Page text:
Fortunately, today’s extreme Left will not be able to take power. Both because we guard our collective memory of totalitarianism, and because we’re dealing here with the “petty functionaries” of the revolution, rather than desperadoes with nothing to lose. This violent extreme Left has no social base.
FIGAROVOX : What is the sociological profile of these militants?
Laurent BOUVET : Little information is available on the defendants in the present trial beyond that obtained by journalists, but generally speaking, recent studies of radical groups of the extreme Left show that their members come mostly from the youth of the depressed lower middle class (i.e. whose level of education is above that of the employed), which feeds their militancy. We find few or no young recruits from the working class.
The question that arises, and which unfortunately is little or poorly addressed by the social sciences, is that of their ideological motivation, of the construction of their world-view, of what drives them to join groups that are prepared to use violence.
The processes at work amongst these militants are rendered opaque by contemporary sociology, which casts all explanation of social (and political) phenomena in social terms.
Once you’ve explained that they’re rebelling against a system that rejects them (because it doesn’t “offer” them the desired or hoped for employment), it is difficult to understand why some of them, a very few, choose this militant path by wrapping their commitment in a revolutionary or anarchistic narrative forged in earlier times: of which the least that can be said, is that they are completely incapable of rejuvenating it or even of bringing it up to date.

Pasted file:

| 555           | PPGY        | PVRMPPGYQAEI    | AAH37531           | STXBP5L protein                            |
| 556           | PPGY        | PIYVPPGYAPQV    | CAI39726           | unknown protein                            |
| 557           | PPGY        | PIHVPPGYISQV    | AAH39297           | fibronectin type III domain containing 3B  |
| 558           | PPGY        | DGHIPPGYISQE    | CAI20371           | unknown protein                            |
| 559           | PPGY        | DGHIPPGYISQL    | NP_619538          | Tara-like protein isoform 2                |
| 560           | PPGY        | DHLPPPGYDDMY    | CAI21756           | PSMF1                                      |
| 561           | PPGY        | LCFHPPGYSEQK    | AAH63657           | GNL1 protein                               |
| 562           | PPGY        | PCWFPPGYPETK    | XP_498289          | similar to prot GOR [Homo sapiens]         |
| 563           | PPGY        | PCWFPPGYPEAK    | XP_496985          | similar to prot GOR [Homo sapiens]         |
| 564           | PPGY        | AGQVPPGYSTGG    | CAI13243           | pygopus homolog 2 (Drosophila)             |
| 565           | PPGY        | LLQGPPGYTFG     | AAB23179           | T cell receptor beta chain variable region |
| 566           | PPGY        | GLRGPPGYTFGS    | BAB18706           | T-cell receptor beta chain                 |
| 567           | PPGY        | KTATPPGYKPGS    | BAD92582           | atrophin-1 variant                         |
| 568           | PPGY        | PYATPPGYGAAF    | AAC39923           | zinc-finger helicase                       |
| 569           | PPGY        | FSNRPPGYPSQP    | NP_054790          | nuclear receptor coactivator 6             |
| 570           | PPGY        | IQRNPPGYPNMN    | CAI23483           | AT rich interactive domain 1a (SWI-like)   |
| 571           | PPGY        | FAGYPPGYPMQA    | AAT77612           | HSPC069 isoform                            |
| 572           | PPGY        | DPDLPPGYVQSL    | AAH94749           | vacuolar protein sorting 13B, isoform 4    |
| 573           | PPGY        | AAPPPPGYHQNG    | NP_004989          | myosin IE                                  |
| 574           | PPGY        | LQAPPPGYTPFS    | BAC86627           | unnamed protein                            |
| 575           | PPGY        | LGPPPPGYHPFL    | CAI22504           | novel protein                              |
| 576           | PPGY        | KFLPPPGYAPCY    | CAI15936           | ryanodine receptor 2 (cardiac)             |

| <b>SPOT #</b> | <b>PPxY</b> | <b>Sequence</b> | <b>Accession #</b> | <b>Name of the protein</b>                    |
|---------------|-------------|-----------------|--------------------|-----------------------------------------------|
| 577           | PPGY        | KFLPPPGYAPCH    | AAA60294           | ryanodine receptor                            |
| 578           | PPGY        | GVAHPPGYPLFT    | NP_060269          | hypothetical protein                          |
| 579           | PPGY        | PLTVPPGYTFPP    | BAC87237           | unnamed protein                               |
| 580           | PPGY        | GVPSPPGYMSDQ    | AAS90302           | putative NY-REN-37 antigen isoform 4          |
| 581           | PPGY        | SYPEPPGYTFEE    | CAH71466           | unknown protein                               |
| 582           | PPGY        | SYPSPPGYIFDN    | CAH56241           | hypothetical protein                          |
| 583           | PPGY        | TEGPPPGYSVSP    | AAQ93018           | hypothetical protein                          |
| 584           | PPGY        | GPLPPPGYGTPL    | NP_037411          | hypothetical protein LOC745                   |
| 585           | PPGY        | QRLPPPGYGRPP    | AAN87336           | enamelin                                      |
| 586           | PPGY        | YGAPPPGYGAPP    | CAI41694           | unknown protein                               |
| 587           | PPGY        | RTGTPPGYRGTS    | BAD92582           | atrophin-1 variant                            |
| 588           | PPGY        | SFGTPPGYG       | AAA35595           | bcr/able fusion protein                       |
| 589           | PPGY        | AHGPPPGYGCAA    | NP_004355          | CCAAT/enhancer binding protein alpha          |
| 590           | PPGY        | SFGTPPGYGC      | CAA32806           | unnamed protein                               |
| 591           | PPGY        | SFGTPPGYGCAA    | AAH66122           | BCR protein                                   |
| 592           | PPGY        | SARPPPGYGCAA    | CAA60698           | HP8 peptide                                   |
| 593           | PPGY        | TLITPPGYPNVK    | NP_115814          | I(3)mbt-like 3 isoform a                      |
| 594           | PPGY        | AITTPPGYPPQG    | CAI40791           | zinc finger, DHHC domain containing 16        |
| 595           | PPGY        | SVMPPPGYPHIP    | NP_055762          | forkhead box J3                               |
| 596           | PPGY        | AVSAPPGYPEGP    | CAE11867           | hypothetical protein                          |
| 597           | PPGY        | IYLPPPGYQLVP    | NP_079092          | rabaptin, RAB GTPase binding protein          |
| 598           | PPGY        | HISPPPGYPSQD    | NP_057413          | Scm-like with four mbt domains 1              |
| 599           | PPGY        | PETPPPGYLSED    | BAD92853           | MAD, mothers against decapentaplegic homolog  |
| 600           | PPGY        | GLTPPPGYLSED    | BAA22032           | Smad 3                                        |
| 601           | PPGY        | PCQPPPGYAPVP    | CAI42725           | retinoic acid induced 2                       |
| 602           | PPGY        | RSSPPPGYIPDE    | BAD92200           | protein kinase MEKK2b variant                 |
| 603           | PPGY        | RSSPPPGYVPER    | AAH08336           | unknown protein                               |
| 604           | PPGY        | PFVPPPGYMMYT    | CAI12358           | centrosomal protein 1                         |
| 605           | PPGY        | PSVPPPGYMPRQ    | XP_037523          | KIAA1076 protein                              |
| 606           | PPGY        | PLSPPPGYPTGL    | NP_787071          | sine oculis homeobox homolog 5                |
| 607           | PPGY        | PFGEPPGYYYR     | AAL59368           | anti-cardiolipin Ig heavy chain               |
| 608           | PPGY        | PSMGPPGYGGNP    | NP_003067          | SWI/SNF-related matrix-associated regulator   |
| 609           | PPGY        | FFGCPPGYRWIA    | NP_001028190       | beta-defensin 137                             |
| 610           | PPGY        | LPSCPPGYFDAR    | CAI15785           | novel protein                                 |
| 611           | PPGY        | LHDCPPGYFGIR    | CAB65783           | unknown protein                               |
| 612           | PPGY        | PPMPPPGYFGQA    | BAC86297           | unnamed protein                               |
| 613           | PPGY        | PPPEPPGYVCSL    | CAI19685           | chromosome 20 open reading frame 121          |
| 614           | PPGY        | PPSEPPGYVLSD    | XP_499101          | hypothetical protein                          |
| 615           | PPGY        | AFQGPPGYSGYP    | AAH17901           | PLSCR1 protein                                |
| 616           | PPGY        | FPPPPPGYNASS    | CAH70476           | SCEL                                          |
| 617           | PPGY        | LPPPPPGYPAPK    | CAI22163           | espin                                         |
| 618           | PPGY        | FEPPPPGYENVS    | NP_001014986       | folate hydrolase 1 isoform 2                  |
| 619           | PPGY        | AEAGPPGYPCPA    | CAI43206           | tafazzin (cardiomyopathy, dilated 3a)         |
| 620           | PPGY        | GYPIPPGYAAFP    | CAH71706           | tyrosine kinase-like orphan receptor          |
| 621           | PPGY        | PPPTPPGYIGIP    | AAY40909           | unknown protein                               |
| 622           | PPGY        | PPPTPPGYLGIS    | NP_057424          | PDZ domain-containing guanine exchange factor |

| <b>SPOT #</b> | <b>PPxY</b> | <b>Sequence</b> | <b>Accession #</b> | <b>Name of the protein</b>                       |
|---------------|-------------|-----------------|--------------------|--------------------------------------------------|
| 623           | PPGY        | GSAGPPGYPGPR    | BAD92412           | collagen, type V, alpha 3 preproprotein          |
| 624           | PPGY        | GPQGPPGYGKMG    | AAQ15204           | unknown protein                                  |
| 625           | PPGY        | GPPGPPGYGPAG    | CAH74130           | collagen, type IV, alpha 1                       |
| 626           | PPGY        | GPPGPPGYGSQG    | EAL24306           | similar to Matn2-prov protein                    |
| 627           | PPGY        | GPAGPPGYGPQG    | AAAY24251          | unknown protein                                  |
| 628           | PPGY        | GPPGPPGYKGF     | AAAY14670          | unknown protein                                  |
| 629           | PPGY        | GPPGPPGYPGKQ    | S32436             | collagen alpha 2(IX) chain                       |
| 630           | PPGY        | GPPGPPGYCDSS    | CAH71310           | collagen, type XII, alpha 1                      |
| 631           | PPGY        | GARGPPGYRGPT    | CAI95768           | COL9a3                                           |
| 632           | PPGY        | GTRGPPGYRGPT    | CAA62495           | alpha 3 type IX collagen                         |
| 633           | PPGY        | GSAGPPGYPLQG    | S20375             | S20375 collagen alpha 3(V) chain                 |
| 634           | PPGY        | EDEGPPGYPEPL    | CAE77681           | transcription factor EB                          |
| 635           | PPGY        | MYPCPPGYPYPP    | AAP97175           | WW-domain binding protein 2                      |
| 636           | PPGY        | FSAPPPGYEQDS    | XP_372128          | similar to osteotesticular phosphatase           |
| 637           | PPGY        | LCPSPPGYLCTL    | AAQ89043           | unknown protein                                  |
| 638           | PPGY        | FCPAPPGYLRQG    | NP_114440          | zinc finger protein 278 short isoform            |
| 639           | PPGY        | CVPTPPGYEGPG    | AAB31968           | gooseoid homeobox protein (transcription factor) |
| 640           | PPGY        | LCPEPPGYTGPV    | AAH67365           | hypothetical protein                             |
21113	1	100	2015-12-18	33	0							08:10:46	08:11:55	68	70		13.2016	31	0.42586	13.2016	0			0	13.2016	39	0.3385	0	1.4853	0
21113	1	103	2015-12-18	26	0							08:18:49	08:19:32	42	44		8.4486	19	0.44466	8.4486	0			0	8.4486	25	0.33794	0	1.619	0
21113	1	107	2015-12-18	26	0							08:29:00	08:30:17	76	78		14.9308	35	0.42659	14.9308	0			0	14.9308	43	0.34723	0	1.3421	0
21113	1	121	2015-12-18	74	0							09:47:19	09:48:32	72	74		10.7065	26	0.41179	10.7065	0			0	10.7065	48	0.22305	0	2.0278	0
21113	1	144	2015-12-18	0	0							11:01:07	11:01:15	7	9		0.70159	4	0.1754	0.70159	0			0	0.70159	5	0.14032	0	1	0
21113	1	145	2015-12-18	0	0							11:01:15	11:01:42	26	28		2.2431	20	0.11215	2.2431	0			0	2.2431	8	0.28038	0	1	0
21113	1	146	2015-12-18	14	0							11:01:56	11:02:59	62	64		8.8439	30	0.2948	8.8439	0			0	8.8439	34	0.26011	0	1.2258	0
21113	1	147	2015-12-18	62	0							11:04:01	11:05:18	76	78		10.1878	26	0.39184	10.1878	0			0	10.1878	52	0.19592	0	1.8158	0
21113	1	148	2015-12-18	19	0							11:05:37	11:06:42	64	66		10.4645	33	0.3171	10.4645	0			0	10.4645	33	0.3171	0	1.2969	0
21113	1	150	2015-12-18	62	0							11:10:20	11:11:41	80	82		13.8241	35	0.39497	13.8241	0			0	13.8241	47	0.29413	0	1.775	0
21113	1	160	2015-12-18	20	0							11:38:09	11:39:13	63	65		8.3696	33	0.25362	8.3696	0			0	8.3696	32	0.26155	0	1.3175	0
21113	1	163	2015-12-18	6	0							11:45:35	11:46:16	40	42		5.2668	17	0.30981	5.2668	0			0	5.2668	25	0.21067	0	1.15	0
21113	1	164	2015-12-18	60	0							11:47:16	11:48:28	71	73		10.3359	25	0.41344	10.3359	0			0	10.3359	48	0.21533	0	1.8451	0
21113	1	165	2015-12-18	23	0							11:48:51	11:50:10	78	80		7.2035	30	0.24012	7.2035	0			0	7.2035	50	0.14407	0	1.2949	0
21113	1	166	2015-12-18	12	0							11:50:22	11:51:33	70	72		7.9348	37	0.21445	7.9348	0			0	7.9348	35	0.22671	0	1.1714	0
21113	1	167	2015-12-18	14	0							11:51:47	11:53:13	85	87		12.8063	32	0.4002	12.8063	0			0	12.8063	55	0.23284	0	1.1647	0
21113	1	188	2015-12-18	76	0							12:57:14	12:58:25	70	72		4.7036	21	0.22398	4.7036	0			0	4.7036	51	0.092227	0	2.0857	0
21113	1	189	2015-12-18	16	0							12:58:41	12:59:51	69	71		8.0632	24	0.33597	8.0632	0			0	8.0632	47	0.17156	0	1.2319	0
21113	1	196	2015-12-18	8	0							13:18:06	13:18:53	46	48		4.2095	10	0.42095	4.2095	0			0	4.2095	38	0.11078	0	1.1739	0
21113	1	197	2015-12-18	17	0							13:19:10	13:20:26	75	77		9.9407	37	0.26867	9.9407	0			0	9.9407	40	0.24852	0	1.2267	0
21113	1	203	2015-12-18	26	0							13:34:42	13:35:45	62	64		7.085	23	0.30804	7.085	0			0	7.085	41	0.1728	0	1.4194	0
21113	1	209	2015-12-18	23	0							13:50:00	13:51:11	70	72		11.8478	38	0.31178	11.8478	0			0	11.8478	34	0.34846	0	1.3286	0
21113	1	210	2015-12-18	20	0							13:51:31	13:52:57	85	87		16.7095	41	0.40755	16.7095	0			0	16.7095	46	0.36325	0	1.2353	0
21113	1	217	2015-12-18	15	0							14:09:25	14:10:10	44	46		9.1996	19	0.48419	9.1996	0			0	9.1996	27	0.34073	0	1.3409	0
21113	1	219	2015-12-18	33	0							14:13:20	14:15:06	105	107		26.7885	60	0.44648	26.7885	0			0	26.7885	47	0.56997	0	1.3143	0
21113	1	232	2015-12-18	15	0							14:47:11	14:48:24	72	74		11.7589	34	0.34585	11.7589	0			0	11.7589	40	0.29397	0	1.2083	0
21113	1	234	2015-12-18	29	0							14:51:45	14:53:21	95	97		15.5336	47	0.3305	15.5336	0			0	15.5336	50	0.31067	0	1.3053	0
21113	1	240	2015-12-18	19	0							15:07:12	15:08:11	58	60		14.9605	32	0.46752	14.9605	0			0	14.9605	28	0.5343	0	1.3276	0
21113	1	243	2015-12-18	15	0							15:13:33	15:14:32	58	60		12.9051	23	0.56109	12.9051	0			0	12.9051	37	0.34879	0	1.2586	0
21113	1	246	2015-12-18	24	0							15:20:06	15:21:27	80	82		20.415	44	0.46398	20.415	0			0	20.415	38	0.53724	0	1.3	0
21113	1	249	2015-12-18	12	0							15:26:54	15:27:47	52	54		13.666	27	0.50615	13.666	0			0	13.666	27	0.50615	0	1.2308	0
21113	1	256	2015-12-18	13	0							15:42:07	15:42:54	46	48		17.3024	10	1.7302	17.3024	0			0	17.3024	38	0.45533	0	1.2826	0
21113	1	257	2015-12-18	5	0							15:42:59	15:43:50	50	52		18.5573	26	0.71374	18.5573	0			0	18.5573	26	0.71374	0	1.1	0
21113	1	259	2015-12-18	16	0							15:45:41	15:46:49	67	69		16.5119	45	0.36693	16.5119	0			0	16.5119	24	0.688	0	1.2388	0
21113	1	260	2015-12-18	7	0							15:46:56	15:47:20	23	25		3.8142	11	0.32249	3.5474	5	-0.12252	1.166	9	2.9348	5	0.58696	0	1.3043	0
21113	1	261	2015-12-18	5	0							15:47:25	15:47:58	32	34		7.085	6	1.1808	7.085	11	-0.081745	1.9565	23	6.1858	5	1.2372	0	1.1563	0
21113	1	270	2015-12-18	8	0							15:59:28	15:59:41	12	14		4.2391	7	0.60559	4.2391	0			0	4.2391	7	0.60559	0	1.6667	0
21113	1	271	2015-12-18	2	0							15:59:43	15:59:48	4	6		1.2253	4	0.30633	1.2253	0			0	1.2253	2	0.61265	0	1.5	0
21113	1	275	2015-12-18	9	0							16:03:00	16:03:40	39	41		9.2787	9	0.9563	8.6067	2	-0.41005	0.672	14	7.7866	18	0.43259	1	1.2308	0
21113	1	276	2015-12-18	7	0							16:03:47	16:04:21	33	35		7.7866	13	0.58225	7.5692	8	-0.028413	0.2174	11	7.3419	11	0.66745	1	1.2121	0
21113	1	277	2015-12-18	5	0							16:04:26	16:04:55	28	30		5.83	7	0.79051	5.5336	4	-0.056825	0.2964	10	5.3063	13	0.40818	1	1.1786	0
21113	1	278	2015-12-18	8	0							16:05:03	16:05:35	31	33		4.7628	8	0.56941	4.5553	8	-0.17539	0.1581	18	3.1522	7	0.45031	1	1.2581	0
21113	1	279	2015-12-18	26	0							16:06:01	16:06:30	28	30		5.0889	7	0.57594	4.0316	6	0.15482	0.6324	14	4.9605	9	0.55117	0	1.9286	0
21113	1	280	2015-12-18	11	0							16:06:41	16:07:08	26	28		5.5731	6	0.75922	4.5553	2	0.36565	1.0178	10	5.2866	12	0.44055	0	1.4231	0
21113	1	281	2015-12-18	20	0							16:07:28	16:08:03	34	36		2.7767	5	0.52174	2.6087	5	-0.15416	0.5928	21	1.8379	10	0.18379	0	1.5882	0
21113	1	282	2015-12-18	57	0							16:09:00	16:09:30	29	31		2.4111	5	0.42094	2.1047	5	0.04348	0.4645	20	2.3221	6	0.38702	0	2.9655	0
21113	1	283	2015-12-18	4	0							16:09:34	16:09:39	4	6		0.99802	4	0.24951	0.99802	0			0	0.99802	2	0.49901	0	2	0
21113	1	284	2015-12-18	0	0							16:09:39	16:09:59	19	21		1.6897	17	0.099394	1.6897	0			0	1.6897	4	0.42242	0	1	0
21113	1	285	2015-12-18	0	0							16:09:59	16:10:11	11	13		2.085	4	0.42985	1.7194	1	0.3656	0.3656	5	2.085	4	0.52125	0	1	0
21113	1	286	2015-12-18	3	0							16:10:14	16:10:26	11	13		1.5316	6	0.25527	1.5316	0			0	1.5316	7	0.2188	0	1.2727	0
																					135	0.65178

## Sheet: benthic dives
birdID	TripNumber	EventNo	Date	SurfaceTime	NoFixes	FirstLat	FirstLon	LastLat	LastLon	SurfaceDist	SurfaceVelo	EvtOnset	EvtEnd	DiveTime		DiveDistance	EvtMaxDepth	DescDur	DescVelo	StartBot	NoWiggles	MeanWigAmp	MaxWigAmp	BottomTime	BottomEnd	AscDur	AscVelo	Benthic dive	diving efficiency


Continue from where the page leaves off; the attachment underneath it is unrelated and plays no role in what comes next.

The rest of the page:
But now we arrive at a greater difficulty: that experienced by the social sciences, political science in particular, in grasping the reality of what is at work in our society, because of the discipline’s refusal or rejection of certain analytical tools. This applies to the extreme Left, as for example to islamism.
FIGAROVOX : Geoffroy de Lagasnerie has published in Libération an article defending these violent demonstrators. Does this show that the ideology of these small groups is spreading beyond the tight circle of militants? What does this say about the Left these days?
❝On the side of these active militants of the extreme Left, you find an assemblage of people who support them or affect to do so, safely installed behind their desktops.❞
Laurent BOUVET : Classically, on the side of these active militants of the extreme Left, you find an assemblage of people who support them or affect to do so, safely installed behind their desktops. I say “classically”, because it has always been the case.